Apple have announced that the change “would create an unprecedented amount of electronic waste”, which might be the case, but we have to weigh up the benefits for switching to a universal charger type in the long-run, way into the future. There has been speculation that Apple’s anger about the situation is rooted in the realisation that they’ll lose out on a lot of profits.

Pros and Cons to the USB-C Ruling

Here’s our pros vs. cons take on the new EU ruling to force USB-c chargers for all phones. There are plenty of both positives and negatives regarding the switch, though it’s imperative to remember that the majority of negatives are rooted in the realisation that brands will lose out on income.


  • “Harmonised” device charging solutions for everyone. The report states 38% of consumers complained about not being able to charge a phone at some point due to incompatible charger availability.
  • Manufacturers lose the ability to limit charge speed, compatability and life span. Some producers (naming no names…) are known to limit the speed and life span of their devices and accessory products, in an order to maximise on profits. A universal charger prevents this.
  • Less waste, particularly in the future. Disposed chargers create 11,000 tonnes of waste every single year, causing huge sustainability concerns and proving something must be changed.
  • Complete interoperability across devices. Interoperability means we can switch chargers between any device we own, without having to own multiple types and experience the fuss of mixing them up.
  • Consumers save money. As with the above statement, we won’t have to waste money on multiple chargers for various devices. We also won’t have to resort to brand-name chargers that cost a small fortune.


  • Apple stated the ruling will “stifle innovation”. This is perhaps due to the fact they’ll have to concentrate more of their efforts on adapting products to suit USB-C chargers, rather than on innovation moving forward. However, these changes must be made in the next 2 years, so it’s safe to argue that this level of concentration in making the switch will be only a short-term ‘stifling’ of innovation.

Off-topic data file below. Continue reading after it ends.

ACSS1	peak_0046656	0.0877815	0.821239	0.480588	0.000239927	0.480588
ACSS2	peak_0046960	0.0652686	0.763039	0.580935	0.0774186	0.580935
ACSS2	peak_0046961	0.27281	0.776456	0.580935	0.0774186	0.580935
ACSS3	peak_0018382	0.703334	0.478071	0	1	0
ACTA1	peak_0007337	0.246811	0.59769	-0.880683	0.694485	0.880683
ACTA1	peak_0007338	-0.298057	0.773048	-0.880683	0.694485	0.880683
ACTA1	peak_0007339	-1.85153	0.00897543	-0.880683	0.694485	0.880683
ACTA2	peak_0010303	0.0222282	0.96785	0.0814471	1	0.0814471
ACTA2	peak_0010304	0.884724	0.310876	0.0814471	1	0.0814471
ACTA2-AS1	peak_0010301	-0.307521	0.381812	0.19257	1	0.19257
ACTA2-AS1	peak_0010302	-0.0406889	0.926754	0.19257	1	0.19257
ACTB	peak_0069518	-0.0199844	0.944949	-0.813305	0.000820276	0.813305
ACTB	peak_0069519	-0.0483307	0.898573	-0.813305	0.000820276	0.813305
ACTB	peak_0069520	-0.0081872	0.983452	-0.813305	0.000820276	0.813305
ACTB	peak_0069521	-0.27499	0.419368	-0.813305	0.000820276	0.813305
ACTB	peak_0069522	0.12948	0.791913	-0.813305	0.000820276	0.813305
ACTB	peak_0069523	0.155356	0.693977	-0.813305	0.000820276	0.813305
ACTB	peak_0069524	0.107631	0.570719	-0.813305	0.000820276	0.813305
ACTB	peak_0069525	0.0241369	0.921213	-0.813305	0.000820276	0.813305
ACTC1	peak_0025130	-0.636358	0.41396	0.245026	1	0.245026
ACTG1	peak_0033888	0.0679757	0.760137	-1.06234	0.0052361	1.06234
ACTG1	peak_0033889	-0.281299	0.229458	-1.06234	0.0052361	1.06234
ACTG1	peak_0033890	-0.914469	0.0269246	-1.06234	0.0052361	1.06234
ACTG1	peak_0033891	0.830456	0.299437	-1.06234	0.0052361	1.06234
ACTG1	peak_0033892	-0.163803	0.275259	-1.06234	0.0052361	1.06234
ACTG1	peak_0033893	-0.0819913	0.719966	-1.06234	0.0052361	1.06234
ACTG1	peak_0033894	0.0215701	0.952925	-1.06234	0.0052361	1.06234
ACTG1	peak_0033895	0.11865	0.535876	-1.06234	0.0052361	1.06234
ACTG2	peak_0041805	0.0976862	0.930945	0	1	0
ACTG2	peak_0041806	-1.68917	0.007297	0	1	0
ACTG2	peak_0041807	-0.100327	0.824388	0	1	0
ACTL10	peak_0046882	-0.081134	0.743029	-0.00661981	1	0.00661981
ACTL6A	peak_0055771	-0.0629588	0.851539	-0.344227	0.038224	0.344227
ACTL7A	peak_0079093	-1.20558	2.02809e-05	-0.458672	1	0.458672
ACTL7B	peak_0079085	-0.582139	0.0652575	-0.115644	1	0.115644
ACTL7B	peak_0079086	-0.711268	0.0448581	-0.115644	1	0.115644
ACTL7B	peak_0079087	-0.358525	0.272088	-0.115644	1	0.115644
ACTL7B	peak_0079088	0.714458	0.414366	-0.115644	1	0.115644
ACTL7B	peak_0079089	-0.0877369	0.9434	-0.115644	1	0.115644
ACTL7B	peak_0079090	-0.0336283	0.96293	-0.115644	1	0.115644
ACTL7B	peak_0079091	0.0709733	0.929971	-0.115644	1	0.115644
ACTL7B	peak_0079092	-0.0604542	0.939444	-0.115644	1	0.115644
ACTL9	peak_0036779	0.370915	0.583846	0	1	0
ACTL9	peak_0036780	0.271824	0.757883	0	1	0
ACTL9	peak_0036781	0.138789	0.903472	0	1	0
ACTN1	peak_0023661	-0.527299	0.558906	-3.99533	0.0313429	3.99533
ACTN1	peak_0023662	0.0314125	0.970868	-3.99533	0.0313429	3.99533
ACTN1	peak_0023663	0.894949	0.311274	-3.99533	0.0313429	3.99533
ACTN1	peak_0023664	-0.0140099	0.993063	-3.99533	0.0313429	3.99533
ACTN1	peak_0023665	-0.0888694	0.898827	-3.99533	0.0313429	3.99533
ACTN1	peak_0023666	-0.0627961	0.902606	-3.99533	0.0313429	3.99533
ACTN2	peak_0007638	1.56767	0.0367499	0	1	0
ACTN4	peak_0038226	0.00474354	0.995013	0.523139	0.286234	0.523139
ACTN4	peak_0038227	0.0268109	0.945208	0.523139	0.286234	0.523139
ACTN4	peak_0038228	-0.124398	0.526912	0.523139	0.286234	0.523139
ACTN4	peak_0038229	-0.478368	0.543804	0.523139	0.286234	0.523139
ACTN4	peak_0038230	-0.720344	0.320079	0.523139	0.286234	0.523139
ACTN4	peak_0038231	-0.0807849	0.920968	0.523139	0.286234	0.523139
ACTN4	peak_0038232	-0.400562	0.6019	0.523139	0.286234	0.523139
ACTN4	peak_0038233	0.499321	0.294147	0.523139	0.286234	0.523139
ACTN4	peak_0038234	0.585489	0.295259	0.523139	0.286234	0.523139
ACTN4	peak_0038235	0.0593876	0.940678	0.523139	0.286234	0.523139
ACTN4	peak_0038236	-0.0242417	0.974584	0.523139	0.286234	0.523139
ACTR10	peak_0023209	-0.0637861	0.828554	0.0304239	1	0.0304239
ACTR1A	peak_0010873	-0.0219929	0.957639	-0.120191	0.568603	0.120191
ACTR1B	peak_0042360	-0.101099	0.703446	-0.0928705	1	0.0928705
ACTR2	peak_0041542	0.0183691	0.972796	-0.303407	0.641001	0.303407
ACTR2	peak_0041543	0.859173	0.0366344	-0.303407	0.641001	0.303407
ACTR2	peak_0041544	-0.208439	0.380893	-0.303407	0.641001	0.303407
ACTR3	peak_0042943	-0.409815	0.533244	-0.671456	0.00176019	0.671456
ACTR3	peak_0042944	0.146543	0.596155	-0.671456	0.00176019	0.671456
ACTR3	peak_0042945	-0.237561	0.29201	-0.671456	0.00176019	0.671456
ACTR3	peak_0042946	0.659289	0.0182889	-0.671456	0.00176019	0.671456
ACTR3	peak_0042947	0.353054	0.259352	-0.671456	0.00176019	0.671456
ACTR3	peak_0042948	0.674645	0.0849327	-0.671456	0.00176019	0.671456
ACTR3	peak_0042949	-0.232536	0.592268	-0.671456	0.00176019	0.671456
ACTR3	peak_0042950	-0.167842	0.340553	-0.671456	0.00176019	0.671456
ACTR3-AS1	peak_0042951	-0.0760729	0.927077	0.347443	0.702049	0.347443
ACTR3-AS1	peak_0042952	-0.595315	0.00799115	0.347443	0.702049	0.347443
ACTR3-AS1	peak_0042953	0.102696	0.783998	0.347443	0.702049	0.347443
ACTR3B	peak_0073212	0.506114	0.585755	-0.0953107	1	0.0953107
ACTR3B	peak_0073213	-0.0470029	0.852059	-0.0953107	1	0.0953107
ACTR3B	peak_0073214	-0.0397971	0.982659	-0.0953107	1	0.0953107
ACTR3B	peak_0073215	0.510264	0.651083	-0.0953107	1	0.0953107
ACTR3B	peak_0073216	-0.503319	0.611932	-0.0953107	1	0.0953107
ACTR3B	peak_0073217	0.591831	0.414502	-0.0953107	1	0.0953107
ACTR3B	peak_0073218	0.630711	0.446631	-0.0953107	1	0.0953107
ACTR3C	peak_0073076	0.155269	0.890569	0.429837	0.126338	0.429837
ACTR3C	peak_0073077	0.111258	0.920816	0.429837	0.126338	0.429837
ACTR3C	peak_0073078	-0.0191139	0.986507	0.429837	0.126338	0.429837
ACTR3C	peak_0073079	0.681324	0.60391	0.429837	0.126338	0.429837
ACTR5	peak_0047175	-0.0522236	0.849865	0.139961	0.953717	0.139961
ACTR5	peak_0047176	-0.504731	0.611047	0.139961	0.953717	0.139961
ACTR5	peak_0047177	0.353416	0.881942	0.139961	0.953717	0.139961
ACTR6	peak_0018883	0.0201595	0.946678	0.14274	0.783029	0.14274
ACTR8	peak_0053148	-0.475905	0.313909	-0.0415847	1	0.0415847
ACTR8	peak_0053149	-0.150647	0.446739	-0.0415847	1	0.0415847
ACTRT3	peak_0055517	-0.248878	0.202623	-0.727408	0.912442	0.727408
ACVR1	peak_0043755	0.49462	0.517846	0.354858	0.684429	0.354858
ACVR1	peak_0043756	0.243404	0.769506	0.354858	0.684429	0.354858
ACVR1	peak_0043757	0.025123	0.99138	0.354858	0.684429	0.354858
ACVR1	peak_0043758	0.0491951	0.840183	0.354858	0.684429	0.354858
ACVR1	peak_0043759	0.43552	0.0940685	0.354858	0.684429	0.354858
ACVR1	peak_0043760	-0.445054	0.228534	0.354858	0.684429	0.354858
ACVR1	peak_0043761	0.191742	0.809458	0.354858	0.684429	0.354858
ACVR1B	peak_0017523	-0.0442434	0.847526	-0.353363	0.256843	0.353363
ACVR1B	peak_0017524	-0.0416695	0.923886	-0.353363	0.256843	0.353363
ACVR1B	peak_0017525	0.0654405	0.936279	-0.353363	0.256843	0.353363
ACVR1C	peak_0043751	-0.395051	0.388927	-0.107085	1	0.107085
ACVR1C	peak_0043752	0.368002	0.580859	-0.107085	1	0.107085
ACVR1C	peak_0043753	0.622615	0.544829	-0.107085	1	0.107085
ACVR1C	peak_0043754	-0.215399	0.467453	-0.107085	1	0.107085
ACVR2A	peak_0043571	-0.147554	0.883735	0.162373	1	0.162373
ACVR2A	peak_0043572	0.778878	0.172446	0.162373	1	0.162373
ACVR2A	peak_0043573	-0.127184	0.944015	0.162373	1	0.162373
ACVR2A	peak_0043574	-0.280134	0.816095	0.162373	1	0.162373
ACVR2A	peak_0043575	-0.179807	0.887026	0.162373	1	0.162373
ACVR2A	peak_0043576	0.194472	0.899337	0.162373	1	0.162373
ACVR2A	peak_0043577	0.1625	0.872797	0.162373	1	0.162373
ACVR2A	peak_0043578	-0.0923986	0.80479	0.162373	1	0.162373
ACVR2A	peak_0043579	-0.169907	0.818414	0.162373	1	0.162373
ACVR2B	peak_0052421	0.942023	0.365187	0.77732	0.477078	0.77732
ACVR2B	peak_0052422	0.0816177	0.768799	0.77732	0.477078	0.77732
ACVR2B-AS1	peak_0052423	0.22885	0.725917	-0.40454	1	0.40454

• Apple will lose revenue on their proprietary Lightning cables. This may be another of the reasons that Apple made their statement about innovation. Less profit means less potential for investments in innovation. But we do know that Apple are not at all short on money, making £15.91 billion in profit in the last fiscal quarter of 2021.
  • There will be waste as people discard their now outdated Lightning cables. The EU Commissioner report states that on average, people own 3 phone chargers each. Although it is not specified that these are Lightning cables, it goes without saying that there’ll be tonnes of waste as consumers do make the switch to USB-C.

Whether you consider the switch to USB-C charging cables across devices to be a step forward or possibly a step backward, the change is set to happen anyway. It’s now just a case of considering how we can minimise the waste from those discarded Lightning cables.

Watch this space on Innovationly for more upcoming insights into topics such as technology, business, finance and creativity. You can subscribe to our newsletter for regular updates so you don’t miss out!